Pennsylvania House of Representatives
Health Committee Hearing House Bill 746
September 11, 2013
My name is Fritz Bittenbender and I am the Senior Vice President of External Affairs at the Biotechnology Industry Organization. We represent more than 1,100 biosciences companies across the United States—many of whom have a significant presence in Pennsylvania. Our companies are working at the vanguard of healthcare, developing biologic medicines with the goal of curing many of the most complex and life threatening diseases -- including cancer, HIV, Alzheimer’s and many very rare disorders. There are over 500 biologic medicines currently being developed to fight these conditions.
I commend you for your consideration of House Bill 746 as it provides the necessary pathway for patients to access lower cost interchangeable biological products while also importantly ensuring that patients and physicians are notified of medication changes. BIO spent 4 months working with our members to develop a set of Principles that we believe should govern the substitution of biologic medicines in the states. We are pleased that HB 746 includes all 5 of our Principles and therefore ask you to support the passage of this important bill.
As you have heard in other testimony, biologic medicines are different from the traditional chemically synthesized small molecule medications that you are used to dealing with from a policy perspective. Biologic medicines emanate from living organisms and because of that biosimilars that are derived from different cell lines and separate manufacturing processes will be slightly different than the innovator products they seek to replicate. This is not a safety issue, as the FDA will require all sponsors, whether in the innovator market or the biosimilar market, to demonstrate that their products are safe and effective. However, biosimilars cannot be an exact copy of an innovator biologic the way generics medicines are copies of innovative small molecule products.
In actuality, there will be three types of biologics in the marketplace-- innovator biologics, biosimilars, and interchangeable biological products. All three types of biologics will play a critical role in the delivery of healthcare in the years to come.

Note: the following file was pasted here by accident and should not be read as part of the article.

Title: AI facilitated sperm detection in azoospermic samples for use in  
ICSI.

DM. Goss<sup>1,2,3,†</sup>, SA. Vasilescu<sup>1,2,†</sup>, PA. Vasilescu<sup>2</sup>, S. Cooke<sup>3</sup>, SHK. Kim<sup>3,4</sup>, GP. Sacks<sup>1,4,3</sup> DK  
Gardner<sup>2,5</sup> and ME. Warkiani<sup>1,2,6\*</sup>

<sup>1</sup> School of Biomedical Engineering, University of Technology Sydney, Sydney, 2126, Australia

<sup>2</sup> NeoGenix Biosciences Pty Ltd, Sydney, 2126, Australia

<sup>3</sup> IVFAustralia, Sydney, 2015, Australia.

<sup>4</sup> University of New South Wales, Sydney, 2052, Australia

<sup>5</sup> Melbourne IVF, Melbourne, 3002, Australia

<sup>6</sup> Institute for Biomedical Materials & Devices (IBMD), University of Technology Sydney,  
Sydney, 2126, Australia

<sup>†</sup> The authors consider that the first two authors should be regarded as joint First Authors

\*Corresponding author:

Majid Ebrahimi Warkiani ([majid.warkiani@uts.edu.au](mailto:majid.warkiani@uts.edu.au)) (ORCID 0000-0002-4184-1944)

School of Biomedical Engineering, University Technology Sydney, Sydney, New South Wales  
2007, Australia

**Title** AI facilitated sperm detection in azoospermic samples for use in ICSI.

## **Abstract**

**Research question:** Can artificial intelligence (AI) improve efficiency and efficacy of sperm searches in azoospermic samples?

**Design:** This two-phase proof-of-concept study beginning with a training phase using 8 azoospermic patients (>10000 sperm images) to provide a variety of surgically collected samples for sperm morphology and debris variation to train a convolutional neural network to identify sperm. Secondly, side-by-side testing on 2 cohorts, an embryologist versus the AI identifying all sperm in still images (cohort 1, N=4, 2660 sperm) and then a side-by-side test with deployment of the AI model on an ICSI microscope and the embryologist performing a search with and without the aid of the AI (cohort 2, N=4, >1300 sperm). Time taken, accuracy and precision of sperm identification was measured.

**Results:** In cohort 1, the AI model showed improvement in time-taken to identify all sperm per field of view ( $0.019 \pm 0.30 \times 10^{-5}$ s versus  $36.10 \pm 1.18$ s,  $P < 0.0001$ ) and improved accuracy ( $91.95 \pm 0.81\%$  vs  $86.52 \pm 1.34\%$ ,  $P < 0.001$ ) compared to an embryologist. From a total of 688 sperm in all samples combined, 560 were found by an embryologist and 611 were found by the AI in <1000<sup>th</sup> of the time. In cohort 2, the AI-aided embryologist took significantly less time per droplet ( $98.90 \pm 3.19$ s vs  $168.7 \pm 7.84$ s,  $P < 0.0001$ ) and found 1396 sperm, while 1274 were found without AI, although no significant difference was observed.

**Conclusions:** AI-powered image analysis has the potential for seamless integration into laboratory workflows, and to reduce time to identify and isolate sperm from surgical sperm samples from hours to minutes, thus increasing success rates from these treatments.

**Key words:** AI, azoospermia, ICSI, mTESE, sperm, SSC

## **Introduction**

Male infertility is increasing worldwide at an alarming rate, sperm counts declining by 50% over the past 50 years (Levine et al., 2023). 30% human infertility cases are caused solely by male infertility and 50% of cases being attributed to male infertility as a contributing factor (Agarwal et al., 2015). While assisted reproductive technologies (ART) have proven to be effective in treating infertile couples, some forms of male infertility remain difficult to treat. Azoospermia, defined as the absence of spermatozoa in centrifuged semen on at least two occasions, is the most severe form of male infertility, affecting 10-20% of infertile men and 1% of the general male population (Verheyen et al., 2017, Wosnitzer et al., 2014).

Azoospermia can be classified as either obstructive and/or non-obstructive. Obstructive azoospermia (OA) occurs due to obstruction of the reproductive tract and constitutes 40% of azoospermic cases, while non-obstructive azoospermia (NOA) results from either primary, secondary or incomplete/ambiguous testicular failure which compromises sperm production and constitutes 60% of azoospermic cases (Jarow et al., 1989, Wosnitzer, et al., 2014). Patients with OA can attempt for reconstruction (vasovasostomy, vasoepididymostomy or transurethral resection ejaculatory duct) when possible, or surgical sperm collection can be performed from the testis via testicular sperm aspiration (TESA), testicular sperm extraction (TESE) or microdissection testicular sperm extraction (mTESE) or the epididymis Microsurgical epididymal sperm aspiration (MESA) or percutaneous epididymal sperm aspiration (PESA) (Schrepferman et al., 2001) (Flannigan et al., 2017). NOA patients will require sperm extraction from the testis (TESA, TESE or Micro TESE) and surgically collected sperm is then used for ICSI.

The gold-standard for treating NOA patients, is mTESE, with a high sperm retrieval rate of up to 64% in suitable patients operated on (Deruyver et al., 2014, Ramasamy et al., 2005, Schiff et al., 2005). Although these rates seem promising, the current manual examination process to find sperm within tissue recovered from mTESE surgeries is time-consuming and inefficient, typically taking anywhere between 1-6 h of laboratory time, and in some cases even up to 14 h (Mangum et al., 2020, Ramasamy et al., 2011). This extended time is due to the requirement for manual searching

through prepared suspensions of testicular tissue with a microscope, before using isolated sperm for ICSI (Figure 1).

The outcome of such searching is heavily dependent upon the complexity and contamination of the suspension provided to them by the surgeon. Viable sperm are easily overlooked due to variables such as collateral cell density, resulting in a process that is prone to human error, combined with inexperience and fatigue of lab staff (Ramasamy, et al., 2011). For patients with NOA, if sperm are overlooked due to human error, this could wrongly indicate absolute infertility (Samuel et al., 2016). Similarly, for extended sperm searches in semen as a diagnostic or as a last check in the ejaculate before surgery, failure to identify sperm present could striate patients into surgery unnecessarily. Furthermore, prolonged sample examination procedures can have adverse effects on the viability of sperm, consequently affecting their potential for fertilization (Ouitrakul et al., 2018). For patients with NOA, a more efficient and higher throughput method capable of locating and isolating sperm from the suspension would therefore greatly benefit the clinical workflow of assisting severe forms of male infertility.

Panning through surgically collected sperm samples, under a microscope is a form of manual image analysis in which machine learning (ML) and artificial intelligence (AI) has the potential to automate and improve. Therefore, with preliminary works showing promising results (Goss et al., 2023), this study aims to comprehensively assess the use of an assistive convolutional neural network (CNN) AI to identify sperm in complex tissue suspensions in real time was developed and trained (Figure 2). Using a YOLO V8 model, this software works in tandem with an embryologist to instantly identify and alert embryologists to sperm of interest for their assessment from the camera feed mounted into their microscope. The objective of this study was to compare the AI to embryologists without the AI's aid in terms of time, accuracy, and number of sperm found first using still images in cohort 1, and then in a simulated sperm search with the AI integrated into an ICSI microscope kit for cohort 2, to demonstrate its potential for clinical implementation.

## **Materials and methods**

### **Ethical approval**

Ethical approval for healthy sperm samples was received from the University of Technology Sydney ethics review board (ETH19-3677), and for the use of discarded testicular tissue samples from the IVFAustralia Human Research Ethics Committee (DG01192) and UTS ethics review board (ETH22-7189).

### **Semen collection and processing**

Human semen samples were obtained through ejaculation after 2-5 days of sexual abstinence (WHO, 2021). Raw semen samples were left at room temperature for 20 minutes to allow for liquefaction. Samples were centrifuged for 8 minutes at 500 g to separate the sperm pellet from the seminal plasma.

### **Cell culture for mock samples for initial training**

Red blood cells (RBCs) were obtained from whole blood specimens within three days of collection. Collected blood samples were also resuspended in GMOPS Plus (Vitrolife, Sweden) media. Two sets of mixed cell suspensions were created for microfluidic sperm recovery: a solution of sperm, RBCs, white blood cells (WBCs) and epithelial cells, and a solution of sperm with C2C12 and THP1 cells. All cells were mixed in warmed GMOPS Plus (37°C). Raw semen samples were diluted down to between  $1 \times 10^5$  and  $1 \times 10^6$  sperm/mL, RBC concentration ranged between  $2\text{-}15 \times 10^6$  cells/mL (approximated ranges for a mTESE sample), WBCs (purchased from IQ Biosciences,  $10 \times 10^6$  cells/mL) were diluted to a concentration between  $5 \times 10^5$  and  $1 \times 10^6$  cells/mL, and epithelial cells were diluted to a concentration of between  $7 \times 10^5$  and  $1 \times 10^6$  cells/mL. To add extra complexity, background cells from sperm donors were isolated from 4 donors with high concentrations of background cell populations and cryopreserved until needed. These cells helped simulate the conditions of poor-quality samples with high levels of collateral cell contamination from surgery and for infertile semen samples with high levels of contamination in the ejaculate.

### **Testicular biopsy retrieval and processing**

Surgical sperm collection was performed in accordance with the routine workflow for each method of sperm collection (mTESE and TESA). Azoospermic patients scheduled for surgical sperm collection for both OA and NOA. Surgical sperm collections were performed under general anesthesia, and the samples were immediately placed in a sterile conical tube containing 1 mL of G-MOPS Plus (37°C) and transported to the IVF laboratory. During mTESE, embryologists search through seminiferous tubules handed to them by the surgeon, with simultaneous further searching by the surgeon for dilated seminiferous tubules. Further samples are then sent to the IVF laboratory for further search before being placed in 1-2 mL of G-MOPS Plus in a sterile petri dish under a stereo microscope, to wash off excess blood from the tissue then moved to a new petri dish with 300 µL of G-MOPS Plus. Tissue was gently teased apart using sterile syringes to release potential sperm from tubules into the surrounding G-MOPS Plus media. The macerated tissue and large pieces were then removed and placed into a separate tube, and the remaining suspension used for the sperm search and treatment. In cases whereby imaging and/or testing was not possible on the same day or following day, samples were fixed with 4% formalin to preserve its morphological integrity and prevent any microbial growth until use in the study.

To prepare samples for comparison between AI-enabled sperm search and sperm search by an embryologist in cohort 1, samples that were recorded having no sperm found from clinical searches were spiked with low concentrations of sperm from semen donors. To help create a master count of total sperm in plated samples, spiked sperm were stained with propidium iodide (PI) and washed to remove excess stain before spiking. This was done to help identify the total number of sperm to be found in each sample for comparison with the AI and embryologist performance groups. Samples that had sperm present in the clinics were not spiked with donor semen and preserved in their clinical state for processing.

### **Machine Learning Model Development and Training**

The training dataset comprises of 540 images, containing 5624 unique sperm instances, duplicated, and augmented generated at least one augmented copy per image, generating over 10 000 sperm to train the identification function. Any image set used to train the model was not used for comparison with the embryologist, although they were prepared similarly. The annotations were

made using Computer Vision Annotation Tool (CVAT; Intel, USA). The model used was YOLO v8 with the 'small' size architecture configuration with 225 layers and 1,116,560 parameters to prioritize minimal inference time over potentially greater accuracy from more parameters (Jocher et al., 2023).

When crafting the legislation, Congress understood that biosimilars could not be an exact copy of an innovator biologic; instead, they tasked FDA with the development of a heightened standard for interchangeable biological products, that will with confidence, produce the same clinical result as the reference product in any given patient. We urge that only biologics that meet the heightened standard of interchangeability should be allowed to be substituted at the pharmacy.
As an example, in Europe they do not allow product substitution at the pharmacy because they did not develop an interchangeability standard. It was recognized by policymakers at the EU that biosimilars could be too different from the innovator product to be freely substituted. Therefore, the provision in House Bill 746 that allows only interchangeable biological products to be substituted at the pharmacy is critical.
Almost as important, are the transparency measures that are in HB 746. Again biologic medicines are different than small molecule drugs in the way they interact in the body. Being that they are derived from biological processes akin to those in our own bodies, biologics are generally safe and well received by patients. However, biologics are different than small molecules in that there is a heightened risk of adverse immune reactions, and sometimes these occur after a patient has been on the product for a long time. Also, it happens infrequently but, the body can build up an immune response to the medicines that causes these medicines to stop being effective. For this reason, BIO believes that transparency is important across all three types of biologics and specifically that patients and their physicians should know what products they have received from the pharmacy regardless of whether it is an innovator product, a biosimilar, or an interchangeable biological product.
We do not ask that the patient and physician consent to the switch of an interchangeable biologic at the pharmacy but rather only that they are notified of the change. Notification, particularly in the instance of the physician, will be after the medicine is dispensed and most likely administered to the patient so it should not be seen as a barrier to competition. Furthermore, it should be noted that nothing in this legislation prevents insurance companies from employing the tools at their disposal to incentivize the utilization of biosimilars or interchangeable biosimilars. Insurance companies can and will create a robust market for biosimilars through fail first policies, step therapies and a system of tiered co-pays. Given these significant factors as well as the fact that less than 2% of biologic medicines are delivered through the retail pharmacy in Pennsylvania, it seems a stretch to claim that physician knowledge of a substitution will have a significant impact on the development of the biosimilar marketplace.
In closing, HB 746 closely follows the Principles that BIO established for the Substitution of Biologic Products and we would ask for your support in the passage of this important legislation.
I am happy to answer any questions.